By Jim Nicholson MEP
In the early hours of New Year’s Eve, a document was placed in front of the five Executive parties on the basis that we would agree it in full or reject it in its totality. It was understood by all, including Dr Haass and Professor O’Sullivan, that the Ulster Unionist Party would need to take it to their Executive body. When this happened, the Executive decided that the document as a whole was not viable and therefore unacceptable to us.
However this is not to say that the process to find positive resolutions is over; nor do we think that the issues of parades & protests, flags & emblems and dealing with the past should be allowed to slip off the agenda. The status quo is no more palatable than the full text of Haass 7.
The three issues Richard Haass and Meghan O’Sullivan were tasked to facilitate talks on encompass some of the biggest challenges we face as a society and it would be unfair to allow those issues to continue to go unresolved, given their toxicity.
But already we have stepped outside the negotiations of the past six months into a very ambiguous land. In a glimpse into the often fractious relationship within the Office of the First and deputy First Ministers we have heard contradictory messages coming from the two biggest parties in Northern Ireland. In the immediate fall-out from New Year’s Eve, the DUP called for a working group to see how we might resolve the differences over the text of Haass 7, while Sinn Fein wanted a working group focused solely on the implementation of Haass 7. How ironic that a process instigated by FM and DFM to encourage compromise should end with the two figures at loggerheads.
Having been central to the successful campaign to persuade the European Union to invest heavily in underpinning peace in Northern Ireland, including a new PEACE IV fund, I was surprised to see the lack of debate, never mind agreement on the matter of who should fund the structures proposed in Haass 7. The document itself offers nothing beyond last minute lip service to costs. If resources would have to be taken from the Block Grant, the most likely current option, which departments are we proposing to top slice? Health? Housing? Education? Economic development? Given that our most vital departments are already stretched, not least Health with the major incident at RVH Accident & Emergency in January, can we justify taking more money away to channel into new proposed structures?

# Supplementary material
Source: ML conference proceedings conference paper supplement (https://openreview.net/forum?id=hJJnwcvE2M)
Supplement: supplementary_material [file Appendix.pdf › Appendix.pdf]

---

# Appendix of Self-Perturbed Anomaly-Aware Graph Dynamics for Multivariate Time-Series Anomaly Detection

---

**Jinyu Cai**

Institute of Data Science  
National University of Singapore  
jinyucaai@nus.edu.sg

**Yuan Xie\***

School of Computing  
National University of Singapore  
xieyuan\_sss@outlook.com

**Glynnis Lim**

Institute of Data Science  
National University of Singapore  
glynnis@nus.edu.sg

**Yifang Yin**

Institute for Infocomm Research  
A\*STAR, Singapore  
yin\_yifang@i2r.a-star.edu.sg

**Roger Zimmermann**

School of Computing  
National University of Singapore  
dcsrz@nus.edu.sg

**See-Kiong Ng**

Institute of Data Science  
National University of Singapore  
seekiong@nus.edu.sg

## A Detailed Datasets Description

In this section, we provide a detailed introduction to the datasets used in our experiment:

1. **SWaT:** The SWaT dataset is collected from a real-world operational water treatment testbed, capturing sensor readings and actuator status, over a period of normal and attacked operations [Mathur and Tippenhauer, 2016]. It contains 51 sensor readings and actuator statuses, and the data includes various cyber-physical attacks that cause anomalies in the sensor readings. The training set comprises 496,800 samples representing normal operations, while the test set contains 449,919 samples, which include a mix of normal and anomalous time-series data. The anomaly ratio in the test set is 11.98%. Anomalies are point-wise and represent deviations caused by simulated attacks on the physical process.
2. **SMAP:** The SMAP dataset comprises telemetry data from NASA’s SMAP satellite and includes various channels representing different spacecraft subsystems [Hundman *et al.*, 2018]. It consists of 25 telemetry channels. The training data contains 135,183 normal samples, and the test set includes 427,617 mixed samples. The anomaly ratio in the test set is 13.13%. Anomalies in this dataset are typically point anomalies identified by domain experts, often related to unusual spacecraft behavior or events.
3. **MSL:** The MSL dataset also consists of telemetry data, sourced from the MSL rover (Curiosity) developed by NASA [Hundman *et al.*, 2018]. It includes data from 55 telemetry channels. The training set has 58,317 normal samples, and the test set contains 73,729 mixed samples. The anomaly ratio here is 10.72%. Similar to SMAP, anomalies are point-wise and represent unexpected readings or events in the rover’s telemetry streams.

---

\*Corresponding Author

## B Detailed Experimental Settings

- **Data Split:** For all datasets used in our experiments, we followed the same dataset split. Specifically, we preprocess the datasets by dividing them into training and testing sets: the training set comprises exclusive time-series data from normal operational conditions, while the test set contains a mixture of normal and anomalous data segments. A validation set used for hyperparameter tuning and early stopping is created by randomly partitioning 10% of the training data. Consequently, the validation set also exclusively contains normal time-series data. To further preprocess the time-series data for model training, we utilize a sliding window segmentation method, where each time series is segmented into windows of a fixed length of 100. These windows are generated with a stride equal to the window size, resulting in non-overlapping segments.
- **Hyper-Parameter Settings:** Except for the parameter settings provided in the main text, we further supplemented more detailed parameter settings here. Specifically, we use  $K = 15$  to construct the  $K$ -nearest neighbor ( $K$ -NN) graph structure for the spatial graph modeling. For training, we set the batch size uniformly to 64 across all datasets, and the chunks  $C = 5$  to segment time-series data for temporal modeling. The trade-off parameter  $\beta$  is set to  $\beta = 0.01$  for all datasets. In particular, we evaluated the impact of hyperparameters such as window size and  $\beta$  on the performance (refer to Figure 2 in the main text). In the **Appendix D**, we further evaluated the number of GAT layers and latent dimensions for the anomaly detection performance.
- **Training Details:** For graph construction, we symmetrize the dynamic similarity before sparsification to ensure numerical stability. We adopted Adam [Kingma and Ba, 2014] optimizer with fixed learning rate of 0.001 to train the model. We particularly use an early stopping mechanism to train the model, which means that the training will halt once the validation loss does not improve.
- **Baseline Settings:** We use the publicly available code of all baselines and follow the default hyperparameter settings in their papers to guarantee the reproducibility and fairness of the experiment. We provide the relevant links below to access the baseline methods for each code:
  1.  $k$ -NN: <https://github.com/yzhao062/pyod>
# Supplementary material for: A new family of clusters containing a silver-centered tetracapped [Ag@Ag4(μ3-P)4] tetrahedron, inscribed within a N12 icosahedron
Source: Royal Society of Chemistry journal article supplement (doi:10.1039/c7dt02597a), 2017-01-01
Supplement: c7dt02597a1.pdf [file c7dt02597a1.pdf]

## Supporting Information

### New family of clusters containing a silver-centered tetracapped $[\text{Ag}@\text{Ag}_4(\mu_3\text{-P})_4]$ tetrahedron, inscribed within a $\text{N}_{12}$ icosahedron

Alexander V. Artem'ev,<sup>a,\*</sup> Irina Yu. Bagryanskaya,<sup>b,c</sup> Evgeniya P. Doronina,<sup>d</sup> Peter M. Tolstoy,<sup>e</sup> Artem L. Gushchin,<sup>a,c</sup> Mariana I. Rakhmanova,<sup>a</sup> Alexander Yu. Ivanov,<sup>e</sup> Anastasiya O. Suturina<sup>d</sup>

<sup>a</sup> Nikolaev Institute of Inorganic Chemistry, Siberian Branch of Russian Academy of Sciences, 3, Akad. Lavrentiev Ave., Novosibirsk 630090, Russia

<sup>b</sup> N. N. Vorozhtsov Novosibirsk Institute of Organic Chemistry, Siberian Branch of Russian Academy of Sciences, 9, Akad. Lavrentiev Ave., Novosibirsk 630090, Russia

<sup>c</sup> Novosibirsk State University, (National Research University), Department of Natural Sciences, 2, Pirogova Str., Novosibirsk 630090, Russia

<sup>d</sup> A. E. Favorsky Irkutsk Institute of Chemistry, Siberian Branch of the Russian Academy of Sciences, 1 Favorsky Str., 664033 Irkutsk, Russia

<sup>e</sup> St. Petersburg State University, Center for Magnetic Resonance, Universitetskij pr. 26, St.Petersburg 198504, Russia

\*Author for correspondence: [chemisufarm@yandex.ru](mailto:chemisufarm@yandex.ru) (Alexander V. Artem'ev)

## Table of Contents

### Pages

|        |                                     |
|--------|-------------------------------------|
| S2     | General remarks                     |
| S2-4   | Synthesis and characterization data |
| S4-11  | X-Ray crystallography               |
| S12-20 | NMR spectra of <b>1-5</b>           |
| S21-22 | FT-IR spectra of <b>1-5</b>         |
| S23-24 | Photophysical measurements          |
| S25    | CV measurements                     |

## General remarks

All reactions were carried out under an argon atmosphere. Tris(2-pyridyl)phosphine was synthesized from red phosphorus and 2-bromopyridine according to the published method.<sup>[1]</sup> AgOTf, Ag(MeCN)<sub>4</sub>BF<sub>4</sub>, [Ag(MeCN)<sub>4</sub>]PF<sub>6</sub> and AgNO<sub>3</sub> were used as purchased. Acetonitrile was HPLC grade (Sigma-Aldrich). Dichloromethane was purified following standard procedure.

The Belfast Agreement was signed sixteen years ago. It promised much, not least in terms of a “new start”. Many would argue they have been subjected to under-achievement, across the main themes of mutual trust, economic prosperity and better government. Dealing with the Past, alongside Reconciliation and building a truly Shared Future, are landmines that, unless defused, have the capacity to derail our political focus, without warning.
As a senior and long-standing Member of the European Parliament (MEP), I see many forms of “normal” politics, so feel I am in a good position to assess what’s right for Northern Ireland.
The “normal” I crave for Northern Ireland sees a universal commitment to ensuring the terrorism we endured for so many years never happens again; our children and grandchildren expect, deserve and demand no less. That requires a fair resolution to issues such as Parades & Protests, Flags & Emblems, and Dealing with the Past. My colleagues and I will not be found wanting in that regard.
Normal politics also requires that we offer the electorate choice. That is why I support the Ulster Unionist Party’s policy of introducing an Official Opposition at Stormont. Yes, I accept that in our “normal”, the devolved government must be cross-community and therefore a coalition. But no, that does not mean we should fear creating the space for an Official Opposition, with the space and resource to offer the voter a proper alternative. By space and resource, I mean nothing more than speaking rights in the Assembly, days when the Opposition set the matters for debate, and a fair allocation of the staff and facilities available to all MLAs who wish to research policy development. For the avoidance of doubt, it is not about money.
Haass did not deliver. The issues remain. I want better. I want to do what’s right for Northern Ireland. The solution is obvious. Let the Parties of Government say what they intend to do, the Official Opposition offer the alternative and leave it to the voters to decide.
Jim Nicholson MEP has served Northern Ireland in the European Parliament since 1989, becoming one of Europe’s most experienced and respected politicians. He has previous experience of elected service in local government, Stormont and Westminster.